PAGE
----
Americans deserved better in 1942, and the people of these 31 states deserve better today. Surely, the lessons learned from seventy years ago will help elected officials to realize that knee-jerk blanket refusals of Syrian refugees is an ill-adv — wait, what’s that?


Rocket this country into the sun.

First of all, the joke is on you, you self-righteous dipshits, because everyone who made it past eighth grade knows that Section 8 of the U.S. Constitution entrusts immigration to the federal government, not to the states, and everyone who is an immigration lawyer or at least has access to Wikipedia knows that the Refugee Act of 1980 entrusts the federal Department of Health and Human Services with relocating asylum seekers and ensuring that they get the services they need to start a life in the United States. Declarations that a state “will not admit” Syrian refugees are empty promises that I presume these governors made after three drinks, four hours of watching breaking news on CNN, two kinda-drunk viewings of Zero Dark Thirty, and zero phone calls to actual policy advisors.

But separation of powers primers aside, declaring your state closed to refugees is the laziest form of governance imaginable. Calling it lazy implicitly acknowledges that there is some kind of causal connection between admitting humanitarian refugees and preventing terrorist attacks, which is such a facially absurd premise that it makes me angry to think about the prospect of reasoning with someone who thinks otherwise. It is the latest in a long line of recent policy decisions (from voter ID laws that combat “voter fraud” to onerous welfare reforms that stopped “Cadillac-driving welfare queens” to racial profiling policies that target “hardened criminals”) that address a nonexistent problem in an absurdly heavy-handed way that manages to make everyone worse off. It is akin to banning telecommunications because you know that the local weed dealer sends text messages.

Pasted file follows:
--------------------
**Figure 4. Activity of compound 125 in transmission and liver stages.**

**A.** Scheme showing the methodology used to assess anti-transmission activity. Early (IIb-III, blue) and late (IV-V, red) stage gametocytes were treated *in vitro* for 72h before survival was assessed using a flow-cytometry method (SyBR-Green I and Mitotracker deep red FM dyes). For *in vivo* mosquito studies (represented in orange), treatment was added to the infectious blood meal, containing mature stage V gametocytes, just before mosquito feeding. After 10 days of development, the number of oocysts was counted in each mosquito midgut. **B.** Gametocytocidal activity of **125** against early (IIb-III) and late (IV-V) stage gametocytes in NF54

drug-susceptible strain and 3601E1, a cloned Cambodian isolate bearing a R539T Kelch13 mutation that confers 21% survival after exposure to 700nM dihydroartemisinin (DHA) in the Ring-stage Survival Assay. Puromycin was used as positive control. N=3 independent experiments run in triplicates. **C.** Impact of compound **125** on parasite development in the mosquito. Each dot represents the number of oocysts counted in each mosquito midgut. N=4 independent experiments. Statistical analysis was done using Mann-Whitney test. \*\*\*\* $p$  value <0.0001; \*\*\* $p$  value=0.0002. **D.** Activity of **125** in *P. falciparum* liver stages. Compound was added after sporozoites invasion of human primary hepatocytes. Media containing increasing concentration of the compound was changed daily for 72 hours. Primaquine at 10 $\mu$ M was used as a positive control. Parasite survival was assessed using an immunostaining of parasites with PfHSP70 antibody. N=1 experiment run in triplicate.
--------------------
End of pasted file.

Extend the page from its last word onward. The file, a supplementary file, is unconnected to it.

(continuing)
This rhetoric exploits public confusion and fear in the most sinister way possible. It cheapens the Paris tragedy for the chance to score a few cheap, toothless political points — 30 of the 31 governors are Republican — at the expense of the pro-refugee Obama Administration. It is a blind, dangerous, and wild defense mechanism, the choice of people who felt the need to lash out and find a culprit and punish it without caring or even considering what consequences their actions might bring. It responds to hysteria not with reason or courage or principle, but with supplication and placation and appeasement.

Since 2001, the United States has granted asylum to three-quarter of a million refugees (a number that does not include immigrants, as they are admitted to the U.S. under different protocols). Exactly 2 of those 750,000 refugees have been so much as arrested on terrorism-related charges, and not for planning an attack on American soil but for aiding the cause abroad. Even if you buy the argument that there is one extremist among the ranks of Syrian humanitarian refugees — again, a conclusion that literally no data supports, but sure, whatever — the correct policy response is to identify that person and prevent him or her from entering the United States. It is to do the actual work of governing, of analyzing refugees’ needs and your country’s capacity for accepting and supporting them. And it is assuredly not to blithely declare that you’re going to keep your people safe and the terrorists out by keeping anyone who you think looks or sounds like a terrorist out, too.

Lastly, blaming Syrian refugees for the Paris attacks is particularly insidious because it demonizes perhaps the weakest group of all. It satiates the need to blame without having to think about real, serious, and scary propositions: these governors do not have to grapple with the United States’ continued failure to actually stop ISIS, or wonder how many of their constituents will volunteer to fight and die overseas, or consider how Western intervention in Iraq may have (JUST MAYBE) contributed to the rise and continued popularity of ISIS, or one of any other actual “serious issues” that we elect politicians to thoughtfully consider. Instead, they get to prop up, catch, and hang a bogeyman all at once without thinking about this means for millions of families and children. They slap the “other” and the “enemy” labels on an increasingly faceless and helpless group of humans who have been running for their lives from cruel and unyielding ideologues, only to now encounter a different set of cruel and unyielding ideologues on this side who want to see them dead, too.

Fear after a tragedy like Paris is normal and natural. So is the urge to react. But keeping refugees out isn’t going to do a thing to stop ISIS from terrorizing the world. It is a lazy, stupid, discriminatory solution in search of a problem. Our government has done this before to its shame, and it should not do it again.